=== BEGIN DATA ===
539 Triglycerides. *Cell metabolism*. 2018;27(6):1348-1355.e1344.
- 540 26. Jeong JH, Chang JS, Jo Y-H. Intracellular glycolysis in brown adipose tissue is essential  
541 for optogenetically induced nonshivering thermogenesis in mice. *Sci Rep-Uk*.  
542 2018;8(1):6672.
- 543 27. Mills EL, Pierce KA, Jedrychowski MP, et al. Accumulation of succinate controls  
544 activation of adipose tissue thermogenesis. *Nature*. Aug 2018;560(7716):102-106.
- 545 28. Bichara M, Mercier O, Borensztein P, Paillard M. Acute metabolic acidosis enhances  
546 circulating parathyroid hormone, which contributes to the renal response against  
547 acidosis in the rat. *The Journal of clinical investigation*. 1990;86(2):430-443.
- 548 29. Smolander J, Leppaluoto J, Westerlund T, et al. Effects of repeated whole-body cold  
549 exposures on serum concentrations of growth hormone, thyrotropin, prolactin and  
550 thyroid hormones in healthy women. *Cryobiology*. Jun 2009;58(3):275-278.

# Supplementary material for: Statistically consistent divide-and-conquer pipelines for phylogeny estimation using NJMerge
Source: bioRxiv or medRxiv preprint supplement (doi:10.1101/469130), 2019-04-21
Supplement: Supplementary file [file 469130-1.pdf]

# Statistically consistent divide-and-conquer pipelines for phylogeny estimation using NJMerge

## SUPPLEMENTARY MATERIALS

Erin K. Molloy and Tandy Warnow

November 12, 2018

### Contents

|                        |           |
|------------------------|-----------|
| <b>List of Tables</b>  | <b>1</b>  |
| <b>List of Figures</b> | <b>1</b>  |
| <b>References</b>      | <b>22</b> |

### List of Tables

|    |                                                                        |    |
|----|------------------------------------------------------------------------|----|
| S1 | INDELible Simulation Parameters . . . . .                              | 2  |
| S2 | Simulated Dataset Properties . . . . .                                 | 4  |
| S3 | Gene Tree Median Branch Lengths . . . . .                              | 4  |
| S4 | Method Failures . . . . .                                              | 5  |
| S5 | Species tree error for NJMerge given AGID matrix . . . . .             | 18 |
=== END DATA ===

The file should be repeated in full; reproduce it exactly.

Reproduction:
539 Triglycerides. *Cell metabolism*. 2018;27(6):1348-1355.e1344.
- 540 26. Jeong JH, Chang JS, Jo Y-H. Intracellular glycolysis in brown adipose tissue is essential  
541 for optogenetically induced nonshivering thermogenesis in mice. *Sci Rep-Uk*.  
542 2018;8(1):6672.
- 543 27. Mills EL, Pierce KA, Jedrychowski MP, et al. Accumulation of succinate controls  
544 activation of adipose tissue thermogenesis. *Nature*. Aug 2018;560(7716):102-106.
- 545 28. Bichara M, Mercier O, Borensztein P, Paillard M. Acute metabolic acidosis enhances  
546 circulating parathyroid hormone, which contributes to the renal response against  
547 acidosis in the rat. *The Journal of clinical investigation*. 1990;86(2):430-443.
- 548 29. Smolander J, Leppaluoto J, Westerlund T, et al. Effects of repeated whole-body cold  
549 exposures on serum concentrations of growth hormone, thyrotropin, prolactin and  
550 thyroid hormones in healthy women. *Cryobiology*. Jun 2009;58(3):275-278.

# Supplementary material for: Statistically consistent divide-and-conquer pipelines for phylogeny estimation using NJMerge
Source: bioRxiv or medRxiv preprint supplement (doi:10.1101/469130), 2019-04-21
Supplement: Supplementary file [file 469130-1.pdf]

# Statistically consistent divide-and-conquer pipelines for phylogeny estimation using NJMerge

## SUPPLEMENTARY MATERIALS

Erin K. Molloy and Tandy Warnow

November 12, 2018

### Contents

|                        |           |
|------------------------|-----------|
| <b>List of Tables</b>  | <b>1</b>  |
| <b>List of Figures</b> | <b>1</b>  |
| <b>References</b>      | <b>22</b> |

### List of Tables

|    |                                                                        |    |
|----|------------------------------------------------------------------------|----|
| S1 | INDELible Simulation Parameters . . . . .                              | 2  |
| S2 | Simulated Dataset Properties . . . . .                                 | 4  |
| S3 | Gene Tree Median Branch Lengths . . . . .                              | 4  |
| S4 | Method Failures . . . . .                                              | 5  |
| S5 | Species tree error for NJMerge given AGID matrix . . . . .             | 18 |